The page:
BRAZILE: And -- and -- and let me just say this. TheRepublicans have had plenty of opportunities in the committees to putforward their ideas, and the Democrats have incorporated many of thoseideas in this bill. It's time for the Republicans to either put analternative on the table or to just basically say that they want tokeep the status quo, which means, for women, especially women my ageand under, that we will continue to pay higher premiums just becausewe're female.

HUFFINGTON: But, Donna, you know, there's really no point inpassing a bill that will be called reform, but will not be reform. Wedid that with education, remember...

BRAZILE: I agree.

HUFFINGTON: ... and nothing was reformed. And I think that'swhere we are headed. There will be some bill passed. There won't bea real public option. There will be a trigger or an opt-out or somecompromise. But in the end, we'll water it down.

(CROSSTALK)

STEPHANOPOULOS: ... part of a big political problem thepresident faces now, though? I mean, I -- I think that, you know -- Ithink the psychology that's going to take hold among Democrats in --in the House especially is the idea that, even if they have some ofthe concerns you have, that failure is not an option, that if -- if --if the Democrats and the White House fail here, the entire enterprisegoes under. As a supporter of President Obama, aren't you concernedabout that?

HUFFINGTON: Well, politically, in terms of 2010, I think it willbe very problematic, but this administration and the Democrats arefacing so many problems when it comes to 2010, including CharlieRangel, that I don't know what they're going to start focusing on. Imean, they have a real problem.

The approval of Congress is now down to 21 percent. It fell 10points over the last month. So either they're really going to standup for the change for which they were supposedly elected or they'regoing to be part of the problem and part of the status quo.

STEPHANOPOULOS: You've brought me to my next issue, becausethere were two big ethics issues up this week. Charlie Rangel, thechairman of the House Ways and Means Committee, facing a series ofquestions about whether he reported income that he received for rentalproperties, whether he had the right disclosure of -- of -- of otherassets. The Ethics Committee announced that they were expanding aninvestigation after the House rejected a resolution criticizing himfor that.

Also, Senator John Ensign of Nevada facing questions aboutwhether he helped the husband of a former staffer -- another formerstaffer get jobs and lobbying contracts to cover up his affair withthe former staffer. Here's how they responded.

(BEGIN VIDEO CLIP)

RANGEL: What is normally done is members wait until the EthicsCommittee completes its investigation and its report. That's what I'mhoping happens with the Republicans.

ENSIGN: We absolutely did nothing except for comply exactly withwhat the ethics laws and the ethics rules of the Senate state.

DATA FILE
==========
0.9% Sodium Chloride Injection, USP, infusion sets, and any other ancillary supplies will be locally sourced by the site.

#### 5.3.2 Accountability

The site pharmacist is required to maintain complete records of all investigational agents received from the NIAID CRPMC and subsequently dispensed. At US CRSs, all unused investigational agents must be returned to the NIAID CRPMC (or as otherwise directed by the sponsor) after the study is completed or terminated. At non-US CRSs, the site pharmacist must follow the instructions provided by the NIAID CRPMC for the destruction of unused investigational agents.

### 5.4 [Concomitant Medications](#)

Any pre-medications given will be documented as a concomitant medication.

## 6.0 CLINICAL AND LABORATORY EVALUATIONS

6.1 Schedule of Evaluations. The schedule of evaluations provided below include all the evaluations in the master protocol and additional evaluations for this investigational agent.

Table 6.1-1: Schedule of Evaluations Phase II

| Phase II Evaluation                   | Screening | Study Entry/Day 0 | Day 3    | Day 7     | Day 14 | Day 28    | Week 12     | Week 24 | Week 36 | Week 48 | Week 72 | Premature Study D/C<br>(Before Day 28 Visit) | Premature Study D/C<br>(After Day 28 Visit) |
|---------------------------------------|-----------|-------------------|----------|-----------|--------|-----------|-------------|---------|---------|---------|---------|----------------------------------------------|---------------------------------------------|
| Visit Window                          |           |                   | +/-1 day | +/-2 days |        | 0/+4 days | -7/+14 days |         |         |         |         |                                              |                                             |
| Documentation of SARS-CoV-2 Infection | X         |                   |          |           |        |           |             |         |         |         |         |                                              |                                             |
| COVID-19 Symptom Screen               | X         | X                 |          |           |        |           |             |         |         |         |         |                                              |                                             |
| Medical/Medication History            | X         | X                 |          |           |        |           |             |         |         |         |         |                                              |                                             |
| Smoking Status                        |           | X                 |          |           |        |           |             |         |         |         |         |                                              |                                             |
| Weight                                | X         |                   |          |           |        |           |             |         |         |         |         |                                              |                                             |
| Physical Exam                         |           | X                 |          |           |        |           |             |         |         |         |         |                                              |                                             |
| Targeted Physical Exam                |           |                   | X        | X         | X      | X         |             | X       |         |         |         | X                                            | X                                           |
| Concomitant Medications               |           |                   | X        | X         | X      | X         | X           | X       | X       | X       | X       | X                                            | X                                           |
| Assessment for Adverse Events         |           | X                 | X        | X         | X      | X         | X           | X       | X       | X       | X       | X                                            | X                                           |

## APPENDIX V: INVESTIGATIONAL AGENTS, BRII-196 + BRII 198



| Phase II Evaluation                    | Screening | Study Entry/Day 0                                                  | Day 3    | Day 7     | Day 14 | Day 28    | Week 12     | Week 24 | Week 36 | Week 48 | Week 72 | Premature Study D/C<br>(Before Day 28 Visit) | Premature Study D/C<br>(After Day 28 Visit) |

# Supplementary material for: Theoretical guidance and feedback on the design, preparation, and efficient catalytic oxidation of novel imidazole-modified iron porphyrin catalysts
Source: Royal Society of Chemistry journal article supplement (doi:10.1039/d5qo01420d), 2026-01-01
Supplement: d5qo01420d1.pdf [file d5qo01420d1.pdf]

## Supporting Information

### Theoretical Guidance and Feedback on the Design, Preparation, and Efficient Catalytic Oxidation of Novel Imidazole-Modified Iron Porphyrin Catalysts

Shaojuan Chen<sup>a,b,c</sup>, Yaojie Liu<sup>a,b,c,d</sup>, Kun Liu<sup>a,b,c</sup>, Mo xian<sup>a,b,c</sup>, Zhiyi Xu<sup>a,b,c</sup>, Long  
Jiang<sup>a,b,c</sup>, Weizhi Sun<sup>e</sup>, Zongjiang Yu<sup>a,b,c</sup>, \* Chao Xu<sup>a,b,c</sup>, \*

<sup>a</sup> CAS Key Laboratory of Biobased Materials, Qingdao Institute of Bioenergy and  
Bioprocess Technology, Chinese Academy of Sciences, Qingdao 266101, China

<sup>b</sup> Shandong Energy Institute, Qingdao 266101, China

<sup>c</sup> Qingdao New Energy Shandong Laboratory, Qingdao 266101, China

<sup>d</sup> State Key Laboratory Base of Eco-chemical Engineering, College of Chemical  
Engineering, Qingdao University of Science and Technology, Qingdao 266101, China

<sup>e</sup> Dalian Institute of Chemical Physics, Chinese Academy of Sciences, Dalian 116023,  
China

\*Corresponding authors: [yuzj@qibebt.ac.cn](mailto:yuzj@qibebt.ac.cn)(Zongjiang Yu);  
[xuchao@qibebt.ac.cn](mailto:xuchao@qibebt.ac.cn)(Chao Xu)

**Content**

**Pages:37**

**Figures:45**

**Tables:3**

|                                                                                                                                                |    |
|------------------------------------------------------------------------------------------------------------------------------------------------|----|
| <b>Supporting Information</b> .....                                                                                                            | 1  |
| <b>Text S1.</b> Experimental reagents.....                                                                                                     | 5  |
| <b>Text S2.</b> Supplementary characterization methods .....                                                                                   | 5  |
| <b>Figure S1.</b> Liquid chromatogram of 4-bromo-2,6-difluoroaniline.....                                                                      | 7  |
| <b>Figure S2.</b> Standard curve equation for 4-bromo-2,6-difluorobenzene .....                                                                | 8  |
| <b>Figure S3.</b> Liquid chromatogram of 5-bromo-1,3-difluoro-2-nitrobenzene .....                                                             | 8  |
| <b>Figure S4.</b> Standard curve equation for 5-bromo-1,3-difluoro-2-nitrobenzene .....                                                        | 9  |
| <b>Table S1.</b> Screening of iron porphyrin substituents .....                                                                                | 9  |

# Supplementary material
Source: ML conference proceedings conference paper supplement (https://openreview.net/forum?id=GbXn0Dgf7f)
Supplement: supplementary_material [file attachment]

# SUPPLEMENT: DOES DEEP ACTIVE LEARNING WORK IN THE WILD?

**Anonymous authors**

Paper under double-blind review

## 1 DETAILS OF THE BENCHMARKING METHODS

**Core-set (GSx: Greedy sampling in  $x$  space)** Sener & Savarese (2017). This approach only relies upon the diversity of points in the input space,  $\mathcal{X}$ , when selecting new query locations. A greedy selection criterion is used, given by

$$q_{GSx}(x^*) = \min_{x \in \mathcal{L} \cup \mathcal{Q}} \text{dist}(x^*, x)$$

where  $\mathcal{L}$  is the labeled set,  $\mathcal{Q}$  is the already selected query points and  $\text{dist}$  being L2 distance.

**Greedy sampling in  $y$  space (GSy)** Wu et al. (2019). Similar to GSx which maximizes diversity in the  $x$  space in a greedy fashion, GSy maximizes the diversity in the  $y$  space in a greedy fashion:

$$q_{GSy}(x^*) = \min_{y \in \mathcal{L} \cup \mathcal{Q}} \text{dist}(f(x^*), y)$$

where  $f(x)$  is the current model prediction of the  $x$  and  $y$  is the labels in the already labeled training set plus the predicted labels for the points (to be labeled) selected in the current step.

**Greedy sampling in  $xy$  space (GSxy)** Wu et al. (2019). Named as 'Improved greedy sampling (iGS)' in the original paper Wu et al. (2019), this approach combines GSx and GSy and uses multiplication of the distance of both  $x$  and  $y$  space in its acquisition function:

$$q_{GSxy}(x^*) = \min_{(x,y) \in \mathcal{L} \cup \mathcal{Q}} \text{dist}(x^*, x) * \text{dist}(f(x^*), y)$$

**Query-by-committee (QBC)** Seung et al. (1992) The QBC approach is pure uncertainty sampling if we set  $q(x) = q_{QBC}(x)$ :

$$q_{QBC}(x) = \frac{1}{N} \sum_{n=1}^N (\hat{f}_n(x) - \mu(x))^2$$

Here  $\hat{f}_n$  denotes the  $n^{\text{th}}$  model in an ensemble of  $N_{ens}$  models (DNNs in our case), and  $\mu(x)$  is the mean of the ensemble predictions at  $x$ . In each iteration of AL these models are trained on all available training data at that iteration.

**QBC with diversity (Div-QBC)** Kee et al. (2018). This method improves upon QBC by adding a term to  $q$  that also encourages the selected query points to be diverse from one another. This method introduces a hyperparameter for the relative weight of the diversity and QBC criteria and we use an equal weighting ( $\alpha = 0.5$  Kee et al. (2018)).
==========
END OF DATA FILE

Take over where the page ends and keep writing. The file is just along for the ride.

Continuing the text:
(END VIDEO CLIP)

STEPHANOPOULOS: George, Ensign down to 22 percent support in hisown state, but it seems like, at least in the short run, more problemsfor the Democrats with Congressman Rangel, chairman of the Ways andMeans Committee, has tax issues. Now they've had to vote on theseresolutions I think at least twice and are starting to lose a littlebit of Democratic support. A couple leaked away.

WILL: Charlie Rangel is a genuine war hero, a delightful person,intelligent and a good committee chairman, but his committee writesthe tax laws. And there are some niggling people out there who thinkthose who write the tax laws ought to abide by them. Seventy-fivethousand dollars in -- in income that taxes were not paid on. Heunderestimated by about half his assets on his disclosure form toCongress. Do the rules mean anything at all? BRAZILE: Well, Mr. Rangel has admitted his mistakes, and he hascalled for this inquiry. I don't think we should adjudicate this onthe House or Senate floor, in terms of Mr. Ensign. You know, thereare other investigations.

Jerry Lewis from California is under -- he's under investigationby the Department of Justice. He's a Republican accused of sellingearmarks to family members and friends. Sam Graves from Missouri isunder investigation. You know, we will always have some form ofhanky-panky corruption up there.

STEPHANOPOULOS: Hence, Congress's low approval rating.

(CROSSTALK)

BRAZILE: But -- but I do believe, at the end of the day, that if-- if these -- especially for the leadership, they will have to decideat some point if Mr. Rangel needs to step aside, in terms of hischairmanship of the Ways and Means Committee. I think the speaker andothers are waiting for some action by the Ethics Committee before theytake...

(CROSSTALK)

STEPHANOPOULOS: And they want to get through health care, but ithas to happen before 2010.

Fifteen seconds.

HUFFINGTON: Fifteen seconds, they should decide it on Mondaymorning. He should step down from his chairmanship of the Ways andMeans Committee if they want to improve their chances for 2010.Otherwise, they might see their approval rating come down to singledigits.

STEPHANOPOULOS: You guys continue this in the green room. Youcan all follow it later on abcnews.com and get our daily newsletterall week long, also on abcnews.com.

END